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How do acupuncturists find the right place to treat?

Q: How do acupuncturist find the right place to treat since there are many meridians and combinations of meridians that could treat a problem?

A:   This question highlights the central difference between conventional medicine and traditional Chinese medicine. We are very used in the West to the idea that the work of diagnosis is rather like the forensic work of a policeman and lawyer, gathering evidence and sifting facts. This comes to a single conclusion which explains what is going on and then provides a set tariff of treatments which have to be followed one after another, like NICE guidelines. The TV series House starring Hugh Laurie was/is a great example of this, where the tortured genius lets the observed facts and diagnostic test results mould into a unique and brilliantly presented conclusion.

By contrast, Chinese medicine is inherently pluralistic. At various times during its 2500 year history there have been innovations which at some levels have contradicted the mainstream theories, but as long as they worked in well-defined conditions they were retained as another string to the practitioner's bow. A modern practitioner of Chinese acupuncture might employ TCM, the rather skeletal and simplified framework first written down in the 1950s as a system, or Five Element Acupuncture which is rooted in the classics but developed heavily in France and Japan, or Stems and Branches, a numerologically based system which has existed for over 2000 years, or Japanese Meridian Therapy which, designed with blind apprentice-trained practitioners in mind has a huge palapatory bias, and so on. Each of these systems has ways of working with the whole which are a mixture of the same root understanding of the core energetics of the body mind and spirit, and a heuristic framework which allows scope for the skill and art of the practitioner. Each of the variations, and in the modern practitioner these might all find their way to the diagnostic mix they employ, offers a way of bringing balance back to the whole.

The question for each practitioner is really what is the most elegant and effective way with the least intervention to achieve overall balance. Because of the nature of the interaction between patient and practitioner concepts like 'intention' and 'rapport' can play a part in the diagnostic and treatment choices, and in many ways each practitioner may generate a different solution to how best to treat a single patient. There may well be common agreement about the main features of a case, but each practitioner may favour a slightly different strategy for dealing with the information.

You can see immediately why such a flexible system is often derided in the West as nothing more than a placebo, especially since the practitioner's extraordinary range of choices and personal involvement in the process lend themselves to the pejorative interpretation that no-one has 'an answer' and that it is the 'will' of the practitioner which conditions the patients to improve.  This is sad, because in nearly every other form of skillful endeavour it is readily accepted that an overall goal or aim can be achieved in many different ways, like putting a destination in google maps and seeing four choices emerge. With a complex organism like a human being it seems perverse to say that this and this alone is the problem, and this the solution, when we all realise that most problems cascade more widely than the simple origin.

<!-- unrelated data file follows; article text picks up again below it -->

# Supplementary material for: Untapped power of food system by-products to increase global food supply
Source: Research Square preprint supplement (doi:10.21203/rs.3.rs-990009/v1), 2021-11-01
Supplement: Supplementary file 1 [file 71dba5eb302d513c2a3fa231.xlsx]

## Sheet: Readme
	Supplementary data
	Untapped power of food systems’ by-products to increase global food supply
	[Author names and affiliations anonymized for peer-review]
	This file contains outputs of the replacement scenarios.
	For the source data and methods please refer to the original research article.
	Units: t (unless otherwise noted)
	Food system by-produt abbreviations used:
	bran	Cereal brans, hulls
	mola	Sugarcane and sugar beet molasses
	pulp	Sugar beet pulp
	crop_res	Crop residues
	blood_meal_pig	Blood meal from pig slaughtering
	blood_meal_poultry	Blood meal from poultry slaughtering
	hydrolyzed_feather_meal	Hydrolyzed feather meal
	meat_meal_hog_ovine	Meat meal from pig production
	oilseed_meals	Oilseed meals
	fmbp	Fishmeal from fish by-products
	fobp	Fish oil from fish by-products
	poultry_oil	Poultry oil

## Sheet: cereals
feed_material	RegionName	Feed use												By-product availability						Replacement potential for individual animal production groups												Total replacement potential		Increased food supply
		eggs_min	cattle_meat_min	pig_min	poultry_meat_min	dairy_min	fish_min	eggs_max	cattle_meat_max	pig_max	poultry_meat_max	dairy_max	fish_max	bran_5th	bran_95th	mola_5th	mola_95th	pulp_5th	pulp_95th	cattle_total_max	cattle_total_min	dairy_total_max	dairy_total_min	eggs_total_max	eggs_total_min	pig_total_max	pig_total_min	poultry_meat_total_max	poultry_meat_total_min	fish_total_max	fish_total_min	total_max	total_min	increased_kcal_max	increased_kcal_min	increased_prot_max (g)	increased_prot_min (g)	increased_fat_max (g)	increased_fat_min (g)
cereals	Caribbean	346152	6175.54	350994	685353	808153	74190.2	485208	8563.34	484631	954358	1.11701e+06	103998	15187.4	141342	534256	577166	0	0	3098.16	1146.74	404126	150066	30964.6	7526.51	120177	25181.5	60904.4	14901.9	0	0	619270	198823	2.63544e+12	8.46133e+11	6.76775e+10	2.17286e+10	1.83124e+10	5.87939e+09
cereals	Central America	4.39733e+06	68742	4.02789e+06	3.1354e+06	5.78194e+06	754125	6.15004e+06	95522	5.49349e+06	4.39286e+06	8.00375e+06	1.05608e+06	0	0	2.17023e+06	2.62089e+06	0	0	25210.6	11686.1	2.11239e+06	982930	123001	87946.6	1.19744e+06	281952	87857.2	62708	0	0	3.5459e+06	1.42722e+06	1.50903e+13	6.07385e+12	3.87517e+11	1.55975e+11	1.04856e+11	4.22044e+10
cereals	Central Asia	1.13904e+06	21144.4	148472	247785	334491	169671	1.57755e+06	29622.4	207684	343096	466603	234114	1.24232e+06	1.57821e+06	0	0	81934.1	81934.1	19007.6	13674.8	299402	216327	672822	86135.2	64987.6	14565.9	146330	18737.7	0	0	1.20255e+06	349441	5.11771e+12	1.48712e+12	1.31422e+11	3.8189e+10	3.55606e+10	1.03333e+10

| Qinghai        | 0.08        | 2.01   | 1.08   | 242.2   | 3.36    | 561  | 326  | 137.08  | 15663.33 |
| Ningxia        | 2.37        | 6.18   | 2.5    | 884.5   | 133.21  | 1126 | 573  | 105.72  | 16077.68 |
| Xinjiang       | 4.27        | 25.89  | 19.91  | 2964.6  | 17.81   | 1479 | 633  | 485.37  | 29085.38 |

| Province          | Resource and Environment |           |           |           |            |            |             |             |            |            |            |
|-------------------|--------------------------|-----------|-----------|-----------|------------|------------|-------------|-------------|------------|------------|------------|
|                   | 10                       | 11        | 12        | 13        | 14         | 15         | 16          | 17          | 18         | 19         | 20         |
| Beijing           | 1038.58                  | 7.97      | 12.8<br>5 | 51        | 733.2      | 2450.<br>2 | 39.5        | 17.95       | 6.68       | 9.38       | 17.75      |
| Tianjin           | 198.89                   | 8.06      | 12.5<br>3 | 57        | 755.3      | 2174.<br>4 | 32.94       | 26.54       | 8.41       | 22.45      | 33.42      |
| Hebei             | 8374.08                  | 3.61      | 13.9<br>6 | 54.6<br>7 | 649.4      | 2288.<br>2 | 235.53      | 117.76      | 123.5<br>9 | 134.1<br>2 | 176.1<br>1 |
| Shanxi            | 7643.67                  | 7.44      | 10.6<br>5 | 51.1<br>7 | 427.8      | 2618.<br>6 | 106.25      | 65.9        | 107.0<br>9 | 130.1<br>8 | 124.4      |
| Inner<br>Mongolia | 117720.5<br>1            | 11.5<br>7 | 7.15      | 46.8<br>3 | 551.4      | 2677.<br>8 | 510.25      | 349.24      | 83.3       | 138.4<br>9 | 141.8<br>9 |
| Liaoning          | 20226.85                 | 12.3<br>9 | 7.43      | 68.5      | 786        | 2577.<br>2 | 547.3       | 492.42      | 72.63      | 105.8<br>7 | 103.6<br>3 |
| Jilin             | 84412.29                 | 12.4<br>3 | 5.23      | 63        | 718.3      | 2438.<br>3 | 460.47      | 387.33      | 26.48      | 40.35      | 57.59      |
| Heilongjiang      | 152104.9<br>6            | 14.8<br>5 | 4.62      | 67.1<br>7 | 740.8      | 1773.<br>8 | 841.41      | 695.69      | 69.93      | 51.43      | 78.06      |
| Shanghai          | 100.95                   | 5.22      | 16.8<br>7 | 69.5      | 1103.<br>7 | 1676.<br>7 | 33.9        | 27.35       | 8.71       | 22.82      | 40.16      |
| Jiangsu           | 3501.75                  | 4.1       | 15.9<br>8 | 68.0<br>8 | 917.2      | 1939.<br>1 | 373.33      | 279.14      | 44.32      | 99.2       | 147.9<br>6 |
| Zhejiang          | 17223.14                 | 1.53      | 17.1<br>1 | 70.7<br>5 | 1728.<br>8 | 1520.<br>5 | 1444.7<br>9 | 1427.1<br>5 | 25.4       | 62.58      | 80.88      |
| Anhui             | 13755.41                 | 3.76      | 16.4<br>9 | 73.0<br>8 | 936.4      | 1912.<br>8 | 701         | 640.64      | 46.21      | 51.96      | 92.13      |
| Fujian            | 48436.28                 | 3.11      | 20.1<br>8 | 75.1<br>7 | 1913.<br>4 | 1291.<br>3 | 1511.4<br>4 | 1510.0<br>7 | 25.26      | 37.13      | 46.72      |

Anyway, to return to your original question, even if two practitioners agreed on a diagnosis they might each find different ways of effecting change. Such is the vast number of interconnections between the different channels, there are often dozens of ways to influence the internal Organs, or to have an effect on a specific part of the body. This can be a valuable resource in itself; if a woman has had a mastectomy with lymph nodes stripped and can no longer be needled on the arm, then it is always possible to find ways of treating the lower limb to 'reach' the affected area. The same applies to treatment of a limb encased in plaster; needling the equivalent points on the other limb can have a major impact.

In short, the system is such that there are dozens of variations in the diagnostic systems, and dozens of possibilities within each system, for achieving the same results. They are all based on the same understanding of the channel systems and the same location of the points (broadly speaking - some of the Japanese systems pay more attention to blockages which are where you find them!), but each system will use a slightly different understanding of the these shared resources to effect change. We often used to refer to this phenomenon as 'unity in diversity', the sharing of a tradition founded on the same underlying principles but showing the inherent strength of something which has developed in different strands for over 2500 years.     

 

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